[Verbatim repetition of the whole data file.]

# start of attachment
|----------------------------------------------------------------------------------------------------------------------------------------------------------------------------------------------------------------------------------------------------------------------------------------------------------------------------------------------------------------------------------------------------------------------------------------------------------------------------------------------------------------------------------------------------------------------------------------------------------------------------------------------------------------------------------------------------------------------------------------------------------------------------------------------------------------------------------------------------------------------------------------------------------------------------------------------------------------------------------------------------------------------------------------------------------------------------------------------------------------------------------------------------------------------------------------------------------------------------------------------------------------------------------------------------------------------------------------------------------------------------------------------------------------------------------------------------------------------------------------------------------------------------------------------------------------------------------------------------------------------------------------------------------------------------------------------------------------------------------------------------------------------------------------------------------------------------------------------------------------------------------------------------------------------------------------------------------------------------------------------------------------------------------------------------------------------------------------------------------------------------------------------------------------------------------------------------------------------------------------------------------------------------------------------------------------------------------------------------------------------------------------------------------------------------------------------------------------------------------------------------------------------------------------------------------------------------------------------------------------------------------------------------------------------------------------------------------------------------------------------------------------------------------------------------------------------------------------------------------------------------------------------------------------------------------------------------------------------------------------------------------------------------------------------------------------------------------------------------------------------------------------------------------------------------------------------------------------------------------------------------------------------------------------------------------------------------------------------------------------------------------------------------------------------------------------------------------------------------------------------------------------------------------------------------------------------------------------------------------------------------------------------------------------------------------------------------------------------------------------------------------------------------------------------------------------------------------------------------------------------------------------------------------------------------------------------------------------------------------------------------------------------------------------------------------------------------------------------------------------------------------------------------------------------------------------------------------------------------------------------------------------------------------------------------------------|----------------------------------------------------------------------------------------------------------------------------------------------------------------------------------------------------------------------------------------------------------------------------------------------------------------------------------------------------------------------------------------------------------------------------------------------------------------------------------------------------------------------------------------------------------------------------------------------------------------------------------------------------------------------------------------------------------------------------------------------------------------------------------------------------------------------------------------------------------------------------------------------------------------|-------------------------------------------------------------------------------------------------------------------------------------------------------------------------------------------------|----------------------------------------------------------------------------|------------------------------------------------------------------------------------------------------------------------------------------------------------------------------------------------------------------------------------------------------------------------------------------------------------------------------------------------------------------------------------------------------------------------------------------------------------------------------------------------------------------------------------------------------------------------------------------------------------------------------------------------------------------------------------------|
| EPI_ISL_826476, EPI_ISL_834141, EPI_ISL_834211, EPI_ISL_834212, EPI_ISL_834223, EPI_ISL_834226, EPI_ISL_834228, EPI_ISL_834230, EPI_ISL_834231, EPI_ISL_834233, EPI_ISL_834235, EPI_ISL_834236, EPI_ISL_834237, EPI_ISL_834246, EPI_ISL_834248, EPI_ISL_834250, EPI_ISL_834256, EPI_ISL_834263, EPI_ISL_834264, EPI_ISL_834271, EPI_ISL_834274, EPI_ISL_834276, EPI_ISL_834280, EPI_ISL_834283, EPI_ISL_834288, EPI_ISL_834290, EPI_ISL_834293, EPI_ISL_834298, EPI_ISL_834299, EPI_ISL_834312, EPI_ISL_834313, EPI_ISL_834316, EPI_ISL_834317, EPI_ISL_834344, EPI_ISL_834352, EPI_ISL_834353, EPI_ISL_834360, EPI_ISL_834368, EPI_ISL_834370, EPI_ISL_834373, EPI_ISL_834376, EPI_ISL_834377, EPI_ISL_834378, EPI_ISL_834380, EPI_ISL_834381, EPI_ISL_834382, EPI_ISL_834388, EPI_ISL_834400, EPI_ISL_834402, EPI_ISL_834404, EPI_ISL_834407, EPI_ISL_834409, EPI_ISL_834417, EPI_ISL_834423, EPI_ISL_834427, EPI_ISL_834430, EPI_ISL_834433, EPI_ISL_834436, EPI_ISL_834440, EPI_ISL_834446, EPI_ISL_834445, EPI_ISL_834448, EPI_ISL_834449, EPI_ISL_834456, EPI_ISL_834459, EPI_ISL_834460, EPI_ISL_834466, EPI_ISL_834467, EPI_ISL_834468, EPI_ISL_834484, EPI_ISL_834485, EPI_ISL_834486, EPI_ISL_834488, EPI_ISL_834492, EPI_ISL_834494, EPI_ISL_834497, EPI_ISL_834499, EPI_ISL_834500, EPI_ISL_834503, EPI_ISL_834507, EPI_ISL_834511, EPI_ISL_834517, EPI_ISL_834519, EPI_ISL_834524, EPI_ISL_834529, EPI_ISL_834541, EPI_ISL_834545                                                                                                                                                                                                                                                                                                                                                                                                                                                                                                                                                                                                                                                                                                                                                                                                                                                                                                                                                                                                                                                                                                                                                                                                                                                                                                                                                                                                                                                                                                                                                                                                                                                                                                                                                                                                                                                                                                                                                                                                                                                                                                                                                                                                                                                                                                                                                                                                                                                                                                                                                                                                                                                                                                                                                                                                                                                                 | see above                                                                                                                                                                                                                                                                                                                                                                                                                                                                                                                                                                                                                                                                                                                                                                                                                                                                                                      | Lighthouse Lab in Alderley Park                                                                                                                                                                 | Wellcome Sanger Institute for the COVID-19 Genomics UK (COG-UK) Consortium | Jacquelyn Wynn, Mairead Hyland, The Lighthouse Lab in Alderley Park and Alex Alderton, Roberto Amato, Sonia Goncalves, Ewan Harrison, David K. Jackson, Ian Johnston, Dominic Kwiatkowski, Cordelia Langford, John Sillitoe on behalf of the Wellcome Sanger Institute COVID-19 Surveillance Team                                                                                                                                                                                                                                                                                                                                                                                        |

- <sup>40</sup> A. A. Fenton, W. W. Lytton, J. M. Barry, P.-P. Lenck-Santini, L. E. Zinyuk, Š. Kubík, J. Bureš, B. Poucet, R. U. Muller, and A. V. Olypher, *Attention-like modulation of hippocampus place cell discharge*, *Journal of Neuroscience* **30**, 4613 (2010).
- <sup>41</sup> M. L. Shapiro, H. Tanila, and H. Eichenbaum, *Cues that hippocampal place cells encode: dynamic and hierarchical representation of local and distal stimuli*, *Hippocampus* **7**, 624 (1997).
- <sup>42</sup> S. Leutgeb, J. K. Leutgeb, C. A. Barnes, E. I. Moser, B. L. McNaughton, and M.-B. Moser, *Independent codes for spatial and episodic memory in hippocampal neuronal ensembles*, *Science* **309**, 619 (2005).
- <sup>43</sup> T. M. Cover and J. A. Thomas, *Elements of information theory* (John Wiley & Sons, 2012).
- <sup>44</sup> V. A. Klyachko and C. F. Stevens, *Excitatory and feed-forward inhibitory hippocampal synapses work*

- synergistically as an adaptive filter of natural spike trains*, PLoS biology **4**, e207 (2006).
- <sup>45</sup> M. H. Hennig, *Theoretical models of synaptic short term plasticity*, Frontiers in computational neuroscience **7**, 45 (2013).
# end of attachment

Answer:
|----------------------------------------------------------------------------------------------------------------------------------------------------------------------------------------------------------------------------------------------------------------------------------------------------------------------------------------------------------------------------------------------------------------------------------------------------------------------------------------------------------------------------------------------------------------------------------------------------------------------------------------------------------------------------------------------------------------------------------------------------------------------------------------------------------------------------------------------------------------------------------------------------------------------------------------------------------------------------------------------------------------------------------------------------------------------------------------------------------------------------------------------------------------------------------------------------------------------------------------------------------------------------------------------------------------------------------------------------------------------------------------------------------------------------------------------------------------------------------------------------------------------------------------------------------------------------------------------------------------------------------------------------------------------------------------------------------------------------------------------------------------------------------------------------------------------------------------------------------------------------------------------------------------------------------------------------------------------------------------------------------------------------------------------------------------------------------------------------------------------------------------------------------------------------------------------------------------------------------------------------------------------------------------------------------------------------------------------------------------------------------------------------------------------------------------------------------------------------------------------------------------------------------------------------------------------------------------------------------------------------------------------------------------------------------------------------------------------------------------------------------------------------------------------------------------------------------------------------------------------------------------------------------------------------------------------------------------------------------------------------------------------------------------------------------------------------------------------------------------------------------------------------------------------------------------------------------------------------------------------------------------------------------------------------------------------------------------------------------------------------------------------------------------------------------------------------------------------------------------------------------------------------------------------------------------------------------------------------------------------------------------------------------------------------------------------------------------------------------------------------------------------------------------------------------------------------------------------------------------------------------------------------------------------------------------------------------------------------------------------------------------------------------------------------------------------------------------------------------------------------------------------------------------------------------------------------------------------------------------------------------------------------------------------------------------|----------------------------------------------------------------------------------------------------------------------------------------------------------------------------------------------------------------------------------------------------------------------------------------------------------------------------------------------------------------------------------------------------------------------------------------------------------------------------------------------------------------------------------------------------------------------------------------------------------------------------------------------------------------------------------------------------------------------------------------------------------------------------------------------------------------------------------------------------------------------------------------------------------------|-------------------------------------------------------------------------------------------------------------------------------------------------------------------------------------------------|----------------------------------------------------------------------------|------------------------------------------------------------------------------------------------------------------------------------------------------------------------------------------------------------------------------------------------------------------------------------------------------------------------------------------------------------------------------------------------------------------------------------------------------------------------------------------------------------------------------------------------------------------------------------------------------------------------------------------------------------------------------------------|
| EPI_ISL_826476, EPI_ISL_834141, EPI_ISL_834211, EPI_ISL_834212, EPI_ISL_834223, EPI_ISL_834226, EPI_ISL_834228, EPI_ISL_834230, EPI_ISL_834231, EPI_ISL_834233, EPI_ISL_834235, EPI_ISL_834236, EPI_ISL_834237, EPI_ISL_834246, EPI_ISL_834248, EPI_ISL_834250, EPI_ISL_834256, EPI_ISL_834263, EPI_ISL_834264, EPI_ISL_834271, EPI_ISL_834274, EPI_ISL_834276, EPI_ISL_834280, EPI_ISL_834283, EPI_ISL_834288, EPI_ISL_834290, EPI_ISL_834293, EPI_ISL_834298, EPI_ISL_834299, EPI_ISL_834312, EPI_ISL_834313, EPI_ISL_834316, EPI_ISL_834317, EPI_ISL_834344, EPI_ISL_834352, EPI_ISL_834353, EPI_ISL_834360, EPI_ISL_834368, EPI_ISL_834370, EPI_ISL_834373, EPI_ISL_834376, EPI_ISL_834377, EPI_ISL_834378, EPI_ISL_834380, EPI_ISL_834381, EPI_ISL_834382, EPI_ISL_834388, EPI_ISL_834400, EPI_ISL_834402, EPI_ISL_834404, EPI_ISL_834407, EPI_ISL_834409, EPI_ISL_834417, EPI_ISL_834423, EPI_ISL_834427, EPI_ISL_834430, EPI_ISL_834433, EPI_ISL_834436, EPI_ISL_834440, EPI_ISL_834446, EPI_ISL_834445, EPI_ISL_834448, EPI_ISL_834449, EPI_ISL_834456, EPI_ISL_834459, EPI_ISL_834460, EPI_ISL_834466, EPI_ISL_834467, EPI_ISL_834468, EPI_ISL_834484, EPI_ISL_834485, EPI_ISL_834486, EPI_ISL_834488, EPI_ISL_834492, EPI_ISL_834494, EPI_ISL_834497, EPI_ISL_834499, EPI_ISL_834500, EPI_ISL_834503, EPI_ISL_834507, EPI_ISL_834511, EPI_ISL_834517, EPI_ISL_834519, EPI_ISL_834524, EPI_ISL_834529, EPI_ISL_834541, EPI_ISL_834545                                                                                                                                                                                                                                                                                                                                                                                                                                                                                                                                                                                                                                                                                                                                                                                                                                                                                                                                                                                                                                                                                                                                                                                                                                                                                                                                                                                                                                                                                                                                                                                                                                                                                                                                                                                                                                                                                                                                                                                                                                                                                                                                                                                                                                                                                                                                                                                                                                                                                                                                                                                                                                                                                                                                                                                                                                                                 | see above                                                                                                                                                                                                                                                                                                                                                                                                                                                                                                                                                                                                                                                                                                                                                                                                                                                                                                      | Lighthouse Lab in Alderley Park                                                                                                                                                                 | Wellcome Sanger Institute for the COVID-19 Genomics UK (COG-UK) Consortium | Jacquelyn Wynn, Mairead Hyland, The Lighthouse Lab in Alderley Park and Alex Alderton, Roberto Amato, Sonia Goncalves, Ewan Harrison, David K. Jackson, Ian Johnston, Dominic Kwiatkowski, Cordelia Langford, John Sillitoe on behalf of the Wellcome Sanger Institute COVID-19 Surveillance Team                                                                                                                                                                                                                                                                                                                                                                                        |

- <sup>40</sup> A. A. Fenton, W. W. Lytton, J. M. Barry, P.-P. Lenck-Santini, L. E. Zinyuk, Š. Kubík, J. Bureš, B. Poucet, R. U. Muller, and A. V. Olypher, *Attention-like modulation of hippocampus place cell discharge*, *Journal of Neuroscience* **30**, 4613 (2010).
- <sup>41</sup> M. L. Shapiro, H. Tanila, and H. Eichenbaum, *Cues that hippocampal place cells encode: dynamic and hierarchical representation of local and distal stimuli*, *Hippocampus* **7**, 624 (1997).
- <sup>42</sup> S. Leutgeb, J. K. Leutgeb, C. A. Barnes, E. I. Moser, B. L. McNaughton, and M.-B. Moser, *Independent codes for spatial and episodic memory in hippocampal neuronal ensembles*, *Science* **309**, 619 (2005).
- <sup>43</sup> T. M. Cover and J. A. Thomas, *Elements of information theory* (John Wiley & Sons, 2012).
- <sup>44</sup> V. A. Klyachko and C. F. Stevens, *Excitatory and feed-forward inhibitory hippocampal synapses work*

- synergistically as an adaptive filter of natural spike trains*, PLoS biology **4**, e207 (2006).
- <sup>45</sup> M. H. Hennig, *Theoretical models of synaptic short term plasticity*, Frontiers in computational neuroscience **7**, 45 (2013).